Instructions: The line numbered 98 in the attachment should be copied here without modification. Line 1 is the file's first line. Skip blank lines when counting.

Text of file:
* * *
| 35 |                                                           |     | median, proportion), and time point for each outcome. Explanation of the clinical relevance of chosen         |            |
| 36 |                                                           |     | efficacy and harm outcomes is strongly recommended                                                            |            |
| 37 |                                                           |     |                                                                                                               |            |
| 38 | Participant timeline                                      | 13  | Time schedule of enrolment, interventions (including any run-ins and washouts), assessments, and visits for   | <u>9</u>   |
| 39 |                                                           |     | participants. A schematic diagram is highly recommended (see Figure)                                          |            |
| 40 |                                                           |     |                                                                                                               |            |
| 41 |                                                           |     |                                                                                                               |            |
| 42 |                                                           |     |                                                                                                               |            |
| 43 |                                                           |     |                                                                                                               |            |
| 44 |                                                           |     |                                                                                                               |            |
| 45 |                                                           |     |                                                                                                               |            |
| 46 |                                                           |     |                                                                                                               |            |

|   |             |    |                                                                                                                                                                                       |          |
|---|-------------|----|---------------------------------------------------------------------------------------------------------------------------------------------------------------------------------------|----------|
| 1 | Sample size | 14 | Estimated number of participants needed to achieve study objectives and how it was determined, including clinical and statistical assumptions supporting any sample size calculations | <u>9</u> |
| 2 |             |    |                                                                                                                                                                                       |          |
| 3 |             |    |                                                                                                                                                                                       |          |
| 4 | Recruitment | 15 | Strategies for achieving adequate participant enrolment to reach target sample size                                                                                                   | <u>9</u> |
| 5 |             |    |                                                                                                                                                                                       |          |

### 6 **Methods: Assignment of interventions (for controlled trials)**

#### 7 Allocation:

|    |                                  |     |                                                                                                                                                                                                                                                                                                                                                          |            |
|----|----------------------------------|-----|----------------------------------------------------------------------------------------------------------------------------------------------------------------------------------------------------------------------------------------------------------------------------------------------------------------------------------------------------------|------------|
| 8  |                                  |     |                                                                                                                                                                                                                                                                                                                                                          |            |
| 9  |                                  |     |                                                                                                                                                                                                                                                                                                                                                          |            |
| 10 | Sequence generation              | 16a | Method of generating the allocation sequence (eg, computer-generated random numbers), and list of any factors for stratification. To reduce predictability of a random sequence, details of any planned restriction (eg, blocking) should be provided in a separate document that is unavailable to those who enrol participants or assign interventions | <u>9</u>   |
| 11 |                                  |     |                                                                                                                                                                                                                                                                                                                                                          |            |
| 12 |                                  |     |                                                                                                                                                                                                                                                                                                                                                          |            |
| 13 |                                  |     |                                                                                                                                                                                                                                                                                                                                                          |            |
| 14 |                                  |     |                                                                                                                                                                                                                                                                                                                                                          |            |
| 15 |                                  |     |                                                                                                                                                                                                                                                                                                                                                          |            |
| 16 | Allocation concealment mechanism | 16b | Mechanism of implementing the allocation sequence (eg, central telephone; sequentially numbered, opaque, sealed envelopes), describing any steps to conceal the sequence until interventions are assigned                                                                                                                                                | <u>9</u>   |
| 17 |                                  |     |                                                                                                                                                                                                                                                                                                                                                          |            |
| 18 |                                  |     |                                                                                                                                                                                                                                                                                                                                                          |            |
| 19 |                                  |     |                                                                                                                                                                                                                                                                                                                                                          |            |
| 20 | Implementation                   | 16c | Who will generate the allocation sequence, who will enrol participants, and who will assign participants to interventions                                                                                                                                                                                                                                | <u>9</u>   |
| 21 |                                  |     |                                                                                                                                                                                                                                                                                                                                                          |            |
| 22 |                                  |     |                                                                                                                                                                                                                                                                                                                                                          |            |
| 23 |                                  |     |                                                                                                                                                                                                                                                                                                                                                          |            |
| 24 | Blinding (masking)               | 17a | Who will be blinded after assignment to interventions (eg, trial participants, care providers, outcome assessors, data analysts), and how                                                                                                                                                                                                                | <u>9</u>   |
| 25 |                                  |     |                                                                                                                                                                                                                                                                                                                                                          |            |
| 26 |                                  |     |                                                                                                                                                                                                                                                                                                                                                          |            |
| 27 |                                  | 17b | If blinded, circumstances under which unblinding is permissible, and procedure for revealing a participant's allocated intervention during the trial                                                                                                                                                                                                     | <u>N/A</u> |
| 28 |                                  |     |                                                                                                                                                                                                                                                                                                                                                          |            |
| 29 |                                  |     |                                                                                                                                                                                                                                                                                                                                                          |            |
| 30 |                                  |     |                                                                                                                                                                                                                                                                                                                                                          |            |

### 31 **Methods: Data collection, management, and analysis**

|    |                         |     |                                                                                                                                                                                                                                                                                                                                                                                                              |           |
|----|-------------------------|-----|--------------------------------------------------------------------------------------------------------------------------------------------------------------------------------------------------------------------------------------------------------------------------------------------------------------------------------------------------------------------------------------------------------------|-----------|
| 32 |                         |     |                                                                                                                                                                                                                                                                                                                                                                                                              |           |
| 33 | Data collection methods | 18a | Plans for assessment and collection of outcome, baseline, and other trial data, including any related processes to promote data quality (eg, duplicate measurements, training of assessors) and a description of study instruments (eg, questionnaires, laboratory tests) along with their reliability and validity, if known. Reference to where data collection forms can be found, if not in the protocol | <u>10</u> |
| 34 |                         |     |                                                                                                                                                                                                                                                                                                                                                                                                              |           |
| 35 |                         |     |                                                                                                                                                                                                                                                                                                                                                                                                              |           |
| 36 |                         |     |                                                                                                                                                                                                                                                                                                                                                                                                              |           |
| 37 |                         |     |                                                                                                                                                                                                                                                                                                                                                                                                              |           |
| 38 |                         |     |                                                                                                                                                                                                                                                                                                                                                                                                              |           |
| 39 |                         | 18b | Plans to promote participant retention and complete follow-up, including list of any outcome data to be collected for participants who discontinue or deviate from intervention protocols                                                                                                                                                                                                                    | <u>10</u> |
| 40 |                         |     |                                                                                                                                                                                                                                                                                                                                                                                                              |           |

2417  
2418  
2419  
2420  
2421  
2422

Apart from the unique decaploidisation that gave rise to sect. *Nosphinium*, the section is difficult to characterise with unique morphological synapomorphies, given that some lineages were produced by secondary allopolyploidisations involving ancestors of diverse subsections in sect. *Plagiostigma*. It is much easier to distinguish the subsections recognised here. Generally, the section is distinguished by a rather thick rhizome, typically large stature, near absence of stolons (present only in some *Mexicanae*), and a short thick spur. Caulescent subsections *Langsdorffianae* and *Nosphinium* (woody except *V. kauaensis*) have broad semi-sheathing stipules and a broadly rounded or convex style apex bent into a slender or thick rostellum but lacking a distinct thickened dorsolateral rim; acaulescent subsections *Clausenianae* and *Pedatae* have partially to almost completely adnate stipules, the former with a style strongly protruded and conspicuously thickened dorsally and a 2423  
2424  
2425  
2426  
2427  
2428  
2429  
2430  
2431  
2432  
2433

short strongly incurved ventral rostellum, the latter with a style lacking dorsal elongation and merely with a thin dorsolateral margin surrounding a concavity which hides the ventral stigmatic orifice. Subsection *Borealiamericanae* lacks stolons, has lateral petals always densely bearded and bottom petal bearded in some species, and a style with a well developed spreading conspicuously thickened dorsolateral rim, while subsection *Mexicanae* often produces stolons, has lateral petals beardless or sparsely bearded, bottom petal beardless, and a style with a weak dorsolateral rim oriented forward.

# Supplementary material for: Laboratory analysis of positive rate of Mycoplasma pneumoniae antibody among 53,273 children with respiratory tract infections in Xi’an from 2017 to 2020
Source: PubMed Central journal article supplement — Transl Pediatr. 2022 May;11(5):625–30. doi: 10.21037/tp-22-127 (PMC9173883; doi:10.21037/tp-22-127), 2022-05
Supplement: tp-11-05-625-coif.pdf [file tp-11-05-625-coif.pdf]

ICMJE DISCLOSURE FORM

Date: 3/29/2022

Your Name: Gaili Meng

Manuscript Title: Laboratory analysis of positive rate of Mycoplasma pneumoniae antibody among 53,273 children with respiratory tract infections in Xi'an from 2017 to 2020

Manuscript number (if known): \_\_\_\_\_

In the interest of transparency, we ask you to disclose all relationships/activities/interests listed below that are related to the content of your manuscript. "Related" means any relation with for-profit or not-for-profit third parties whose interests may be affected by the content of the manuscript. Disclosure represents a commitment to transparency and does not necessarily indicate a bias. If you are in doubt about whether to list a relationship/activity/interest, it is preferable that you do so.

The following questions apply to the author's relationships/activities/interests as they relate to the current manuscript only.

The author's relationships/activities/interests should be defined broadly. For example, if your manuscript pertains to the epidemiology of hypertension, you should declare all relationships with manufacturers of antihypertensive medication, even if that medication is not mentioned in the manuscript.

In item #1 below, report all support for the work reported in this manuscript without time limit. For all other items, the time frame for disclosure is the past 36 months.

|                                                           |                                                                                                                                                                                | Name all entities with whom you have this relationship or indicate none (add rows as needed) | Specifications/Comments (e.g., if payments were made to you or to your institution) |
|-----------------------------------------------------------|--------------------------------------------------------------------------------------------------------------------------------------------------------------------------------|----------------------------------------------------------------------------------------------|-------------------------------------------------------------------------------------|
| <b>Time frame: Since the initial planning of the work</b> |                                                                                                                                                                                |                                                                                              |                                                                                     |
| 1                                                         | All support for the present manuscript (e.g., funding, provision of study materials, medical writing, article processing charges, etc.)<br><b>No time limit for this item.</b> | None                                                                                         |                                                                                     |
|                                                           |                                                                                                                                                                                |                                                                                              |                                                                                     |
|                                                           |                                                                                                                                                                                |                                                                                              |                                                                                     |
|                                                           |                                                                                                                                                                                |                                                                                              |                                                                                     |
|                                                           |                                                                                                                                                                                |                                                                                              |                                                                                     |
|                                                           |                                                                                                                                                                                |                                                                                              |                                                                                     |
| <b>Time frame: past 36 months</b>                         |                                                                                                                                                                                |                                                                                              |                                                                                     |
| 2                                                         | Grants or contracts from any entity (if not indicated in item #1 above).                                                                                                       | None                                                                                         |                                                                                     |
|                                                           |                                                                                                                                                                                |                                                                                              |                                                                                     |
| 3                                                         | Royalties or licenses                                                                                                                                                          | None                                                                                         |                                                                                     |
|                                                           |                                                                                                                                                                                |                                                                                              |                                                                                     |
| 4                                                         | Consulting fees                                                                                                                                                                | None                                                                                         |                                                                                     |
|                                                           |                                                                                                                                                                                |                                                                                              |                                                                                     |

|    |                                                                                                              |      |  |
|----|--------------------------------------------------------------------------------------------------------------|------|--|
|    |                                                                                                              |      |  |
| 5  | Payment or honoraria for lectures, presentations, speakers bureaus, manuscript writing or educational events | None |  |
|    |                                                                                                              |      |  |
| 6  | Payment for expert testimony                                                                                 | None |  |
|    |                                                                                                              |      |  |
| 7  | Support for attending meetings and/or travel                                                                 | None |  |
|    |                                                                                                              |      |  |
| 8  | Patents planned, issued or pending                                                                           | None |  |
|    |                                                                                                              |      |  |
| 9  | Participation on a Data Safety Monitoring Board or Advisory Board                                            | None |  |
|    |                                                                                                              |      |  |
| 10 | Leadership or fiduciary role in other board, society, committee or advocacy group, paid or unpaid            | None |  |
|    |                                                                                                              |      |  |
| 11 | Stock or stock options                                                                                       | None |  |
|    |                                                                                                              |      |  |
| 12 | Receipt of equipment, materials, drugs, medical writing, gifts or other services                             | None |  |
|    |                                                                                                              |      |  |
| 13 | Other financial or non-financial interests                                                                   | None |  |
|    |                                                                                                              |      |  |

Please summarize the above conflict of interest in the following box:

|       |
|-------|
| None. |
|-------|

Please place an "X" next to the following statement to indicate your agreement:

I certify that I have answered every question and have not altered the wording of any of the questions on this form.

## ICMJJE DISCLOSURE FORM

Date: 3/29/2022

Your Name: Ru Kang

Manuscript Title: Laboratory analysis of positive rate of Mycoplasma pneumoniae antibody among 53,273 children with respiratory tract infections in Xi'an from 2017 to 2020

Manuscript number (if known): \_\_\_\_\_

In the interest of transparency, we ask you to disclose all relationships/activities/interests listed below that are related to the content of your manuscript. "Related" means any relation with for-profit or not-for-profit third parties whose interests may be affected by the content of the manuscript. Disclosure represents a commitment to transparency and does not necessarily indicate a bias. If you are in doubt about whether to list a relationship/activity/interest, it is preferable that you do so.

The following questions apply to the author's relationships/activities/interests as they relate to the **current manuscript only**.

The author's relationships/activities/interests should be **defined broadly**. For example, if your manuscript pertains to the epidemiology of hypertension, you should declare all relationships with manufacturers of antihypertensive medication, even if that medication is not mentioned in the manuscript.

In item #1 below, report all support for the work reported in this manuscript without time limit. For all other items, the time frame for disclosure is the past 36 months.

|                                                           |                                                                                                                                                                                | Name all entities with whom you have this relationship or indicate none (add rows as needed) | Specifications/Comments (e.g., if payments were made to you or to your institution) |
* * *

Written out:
| <b>Time frame: past 36 months</b>                         |                                                                                                                                                                                |                                                                                              |                                                                                     |